Today will be a purging of older posts of the past two years. Hope you enjoy. Comments and conversations welcome, it's Sunday!
Leave it to me to get my first car at 32 years old. And for it to be registered in a state whose slogan is to live free or die.
My first weeks here I kept noticing groups of bikers in what would otherwise be a pretty quaint, tame town. I asked a saleslady if there was an underground biker culture here. “Look at their heads, do you see helmets?”
New Hampshire has a no helmet law. Bikers come from all over so that they can live ride free or die. If you take a closer look, you’ll also see that its Buckle Up signs are for those 17 and younger. In the state of New Hampshire there’s no law to wear a seatbelt unless you’re a minor.
This is the state of “I do what I want.”
This is a political state. Nearly every house has a poster in support of someone running for office. I don’t recognize most of the names but, from the commercials, I can tell that some of them are not black-friendly. I’d figured Scott Brown had disappeared after his loss in Massachusetts but he’s back, running for New Hampshire Senate. His commercials warn about ISIS and Ebola and show the President’s face.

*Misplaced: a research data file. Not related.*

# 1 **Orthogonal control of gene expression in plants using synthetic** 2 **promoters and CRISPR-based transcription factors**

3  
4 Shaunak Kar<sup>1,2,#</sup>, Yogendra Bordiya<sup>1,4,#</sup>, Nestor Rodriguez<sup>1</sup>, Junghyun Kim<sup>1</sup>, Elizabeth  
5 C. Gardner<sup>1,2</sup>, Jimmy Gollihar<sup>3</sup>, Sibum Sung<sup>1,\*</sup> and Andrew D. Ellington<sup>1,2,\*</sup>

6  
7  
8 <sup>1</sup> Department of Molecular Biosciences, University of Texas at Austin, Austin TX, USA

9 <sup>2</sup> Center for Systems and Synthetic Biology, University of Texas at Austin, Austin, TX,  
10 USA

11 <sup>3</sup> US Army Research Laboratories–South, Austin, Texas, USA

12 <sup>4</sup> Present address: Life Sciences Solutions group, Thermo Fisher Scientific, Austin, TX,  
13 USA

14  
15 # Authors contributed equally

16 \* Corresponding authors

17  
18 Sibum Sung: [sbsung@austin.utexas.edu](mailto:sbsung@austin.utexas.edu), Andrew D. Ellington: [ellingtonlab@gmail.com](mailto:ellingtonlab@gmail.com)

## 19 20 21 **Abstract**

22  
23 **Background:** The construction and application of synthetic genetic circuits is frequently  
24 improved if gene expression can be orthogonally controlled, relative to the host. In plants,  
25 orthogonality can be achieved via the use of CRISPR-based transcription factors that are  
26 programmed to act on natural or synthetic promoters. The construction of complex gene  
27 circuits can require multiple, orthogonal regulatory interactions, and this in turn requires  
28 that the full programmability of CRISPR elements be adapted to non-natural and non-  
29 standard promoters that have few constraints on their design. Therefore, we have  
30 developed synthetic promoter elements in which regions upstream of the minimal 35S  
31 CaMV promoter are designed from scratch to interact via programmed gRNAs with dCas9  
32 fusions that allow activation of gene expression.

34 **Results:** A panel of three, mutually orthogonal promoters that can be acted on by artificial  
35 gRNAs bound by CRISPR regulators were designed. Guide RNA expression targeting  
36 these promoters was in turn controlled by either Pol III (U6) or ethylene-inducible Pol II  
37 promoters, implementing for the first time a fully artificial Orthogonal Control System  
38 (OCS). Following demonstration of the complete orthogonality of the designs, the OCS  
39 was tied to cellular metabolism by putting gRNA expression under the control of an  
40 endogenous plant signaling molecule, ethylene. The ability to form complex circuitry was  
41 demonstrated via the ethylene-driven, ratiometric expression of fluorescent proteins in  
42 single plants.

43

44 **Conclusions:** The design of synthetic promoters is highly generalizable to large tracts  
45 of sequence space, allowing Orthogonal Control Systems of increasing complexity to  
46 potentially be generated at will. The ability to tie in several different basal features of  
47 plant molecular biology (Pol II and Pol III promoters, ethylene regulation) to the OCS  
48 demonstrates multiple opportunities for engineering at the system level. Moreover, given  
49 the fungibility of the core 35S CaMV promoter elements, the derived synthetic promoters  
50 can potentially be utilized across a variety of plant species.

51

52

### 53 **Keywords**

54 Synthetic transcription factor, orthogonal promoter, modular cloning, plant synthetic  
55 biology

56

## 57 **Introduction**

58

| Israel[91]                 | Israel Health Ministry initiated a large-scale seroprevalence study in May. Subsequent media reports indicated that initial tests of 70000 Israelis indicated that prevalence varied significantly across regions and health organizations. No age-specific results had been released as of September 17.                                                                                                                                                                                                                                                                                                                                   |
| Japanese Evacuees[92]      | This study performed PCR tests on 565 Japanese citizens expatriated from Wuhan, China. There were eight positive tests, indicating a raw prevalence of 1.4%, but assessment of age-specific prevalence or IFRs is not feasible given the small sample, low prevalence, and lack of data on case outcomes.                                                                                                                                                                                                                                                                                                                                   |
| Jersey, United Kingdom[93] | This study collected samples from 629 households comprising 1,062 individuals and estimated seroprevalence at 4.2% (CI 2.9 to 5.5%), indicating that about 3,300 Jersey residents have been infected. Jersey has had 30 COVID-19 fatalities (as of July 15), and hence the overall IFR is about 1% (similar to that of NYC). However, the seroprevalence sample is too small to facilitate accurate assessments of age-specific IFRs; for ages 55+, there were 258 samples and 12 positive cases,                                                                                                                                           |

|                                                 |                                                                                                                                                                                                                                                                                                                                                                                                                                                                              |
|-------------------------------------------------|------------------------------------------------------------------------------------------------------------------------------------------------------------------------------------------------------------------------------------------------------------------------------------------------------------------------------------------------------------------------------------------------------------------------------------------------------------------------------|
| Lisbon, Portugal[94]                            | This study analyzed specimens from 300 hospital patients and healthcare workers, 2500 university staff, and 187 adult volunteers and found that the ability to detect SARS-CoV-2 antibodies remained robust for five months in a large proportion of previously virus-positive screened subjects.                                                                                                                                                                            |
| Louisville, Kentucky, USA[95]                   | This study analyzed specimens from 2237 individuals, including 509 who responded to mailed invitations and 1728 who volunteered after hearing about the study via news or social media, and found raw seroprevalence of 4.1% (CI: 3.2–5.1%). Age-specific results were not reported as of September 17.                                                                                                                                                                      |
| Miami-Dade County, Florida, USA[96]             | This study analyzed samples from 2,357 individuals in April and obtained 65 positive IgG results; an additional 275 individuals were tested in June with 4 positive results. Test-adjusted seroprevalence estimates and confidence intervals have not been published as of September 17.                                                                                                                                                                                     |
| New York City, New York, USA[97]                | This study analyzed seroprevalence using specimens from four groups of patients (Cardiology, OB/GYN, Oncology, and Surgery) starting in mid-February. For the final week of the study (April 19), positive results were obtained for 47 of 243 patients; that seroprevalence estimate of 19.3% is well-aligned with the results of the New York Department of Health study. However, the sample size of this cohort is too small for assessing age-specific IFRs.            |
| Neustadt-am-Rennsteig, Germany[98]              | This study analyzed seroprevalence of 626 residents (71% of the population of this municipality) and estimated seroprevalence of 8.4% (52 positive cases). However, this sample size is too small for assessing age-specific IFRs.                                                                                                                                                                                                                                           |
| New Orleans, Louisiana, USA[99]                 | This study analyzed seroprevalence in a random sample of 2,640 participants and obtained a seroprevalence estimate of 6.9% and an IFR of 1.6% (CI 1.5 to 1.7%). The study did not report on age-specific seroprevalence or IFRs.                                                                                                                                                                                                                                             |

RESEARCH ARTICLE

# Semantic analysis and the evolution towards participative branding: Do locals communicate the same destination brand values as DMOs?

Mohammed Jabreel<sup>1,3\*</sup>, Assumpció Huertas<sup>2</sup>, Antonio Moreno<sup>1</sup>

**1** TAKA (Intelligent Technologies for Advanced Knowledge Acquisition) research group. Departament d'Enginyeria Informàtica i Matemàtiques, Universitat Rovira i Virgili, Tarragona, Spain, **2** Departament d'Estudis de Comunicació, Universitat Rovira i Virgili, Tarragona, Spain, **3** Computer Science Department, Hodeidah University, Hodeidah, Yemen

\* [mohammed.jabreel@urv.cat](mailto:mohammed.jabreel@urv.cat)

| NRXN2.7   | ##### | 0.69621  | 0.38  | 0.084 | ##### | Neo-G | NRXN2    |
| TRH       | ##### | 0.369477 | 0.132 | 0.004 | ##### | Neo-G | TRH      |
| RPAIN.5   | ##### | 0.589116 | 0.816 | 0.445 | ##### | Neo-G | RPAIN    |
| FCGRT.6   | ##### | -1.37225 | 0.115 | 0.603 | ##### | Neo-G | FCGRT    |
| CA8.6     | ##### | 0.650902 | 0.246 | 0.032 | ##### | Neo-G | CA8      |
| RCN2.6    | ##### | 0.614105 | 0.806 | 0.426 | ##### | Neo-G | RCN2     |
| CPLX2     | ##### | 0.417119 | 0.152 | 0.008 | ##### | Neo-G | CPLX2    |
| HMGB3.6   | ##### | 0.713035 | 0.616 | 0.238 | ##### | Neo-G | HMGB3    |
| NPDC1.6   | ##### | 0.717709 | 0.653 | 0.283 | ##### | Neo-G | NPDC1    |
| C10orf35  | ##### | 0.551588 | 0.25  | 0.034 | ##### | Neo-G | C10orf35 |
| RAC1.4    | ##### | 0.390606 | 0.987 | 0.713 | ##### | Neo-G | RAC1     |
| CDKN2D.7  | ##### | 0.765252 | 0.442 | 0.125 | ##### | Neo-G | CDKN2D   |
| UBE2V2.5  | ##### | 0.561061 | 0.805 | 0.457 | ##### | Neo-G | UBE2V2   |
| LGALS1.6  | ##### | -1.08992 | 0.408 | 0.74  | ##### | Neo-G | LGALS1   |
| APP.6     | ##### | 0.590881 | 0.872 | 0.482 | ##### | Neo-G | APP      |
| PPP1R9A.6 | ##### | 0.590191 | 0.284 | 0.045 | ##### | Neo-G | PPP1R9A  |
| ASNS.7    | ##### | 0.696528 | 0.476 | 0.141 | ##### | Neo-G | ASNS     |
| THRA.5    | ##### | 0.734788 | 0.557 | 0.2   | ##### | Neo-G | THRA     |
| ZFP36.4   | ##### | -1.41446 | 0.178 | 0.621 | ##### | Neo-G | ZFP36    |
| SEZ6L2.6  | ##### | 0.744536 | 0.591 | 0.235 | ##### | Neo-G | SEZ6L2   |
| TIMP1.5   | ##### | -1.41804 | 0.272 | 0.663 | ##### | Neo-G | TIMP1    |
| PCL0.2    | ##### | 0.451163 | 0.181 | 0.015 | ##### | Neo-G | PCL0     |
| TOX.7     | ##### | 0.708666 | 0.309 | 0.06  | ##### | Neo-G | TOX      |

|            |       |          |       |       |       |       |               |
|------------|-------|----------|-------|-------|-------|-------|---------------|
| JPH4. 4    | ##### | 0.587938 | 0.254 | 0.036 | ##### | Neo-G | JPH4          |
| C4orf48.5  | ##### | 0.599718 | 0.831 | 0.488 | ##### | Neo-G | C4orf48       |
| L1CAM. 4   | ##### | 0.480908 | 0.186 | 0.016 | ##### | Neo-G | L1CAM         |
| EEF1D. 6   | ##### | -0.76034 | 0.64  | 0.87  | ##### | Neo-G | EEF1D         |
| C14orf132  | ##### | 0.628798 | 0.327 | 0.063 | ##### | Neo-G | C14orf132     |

This is not a state of subtleties.
I am in a place where I am both invisible and in technicolor. When white people meet me at work, within 10 minutes or so the topic of race comes up. It’s a thing that happens: the presence of a known-but-never-seen other disrupts something among them. I trigger an anxiety. Thankfully, I’m a Leo and I bask in attention. It’s true: the more aware I am of the spotlight the brighter my smile. Not bigger. Brighter. You’re gonna see me, you’re gonna face me, you’re going to fear me. I’m going to love it. I’m going to make sure of this.
Lately, I’ve remembered how my mother admitted to raising me like a man. She raised me to be deeply unapologetic, to enjoy pleasure for pleasure’s sake, to bask in accolades, to treat men as adornments.
But, she’s still my mother and occasionally drops hints of wanting a grandchild.
But, because of growing up turned to face the world on my own two feet I tend to lower my eyelids whenever I see men receiving attention and praise for calling attention to Ferguson or suffering from depression and addiction for doing the same things I’m doing. Sometimes I wish I could cry to my mother that her experiment was a cruel one. Because, any thing I do is, and will always be, marked in my womanhood. And I love being a woman, deeply. The problem is that nobody else loves that I’m a woman who has the balls to do what I do.
My mother’s experiment means I know no other way. It means I’ve drunk a lot, fucked a lot, and achieved a lot and I don’t see anything about it as special. As a woman I guess I should have deemed it as something to blink at, since everyone loves the cool girl.
I love my new home’s slogan to live free or die. I highly doubt the state of New Hampshire finds this to be a good thing.
This is not a state of inclusion.
just some things usually on my mind....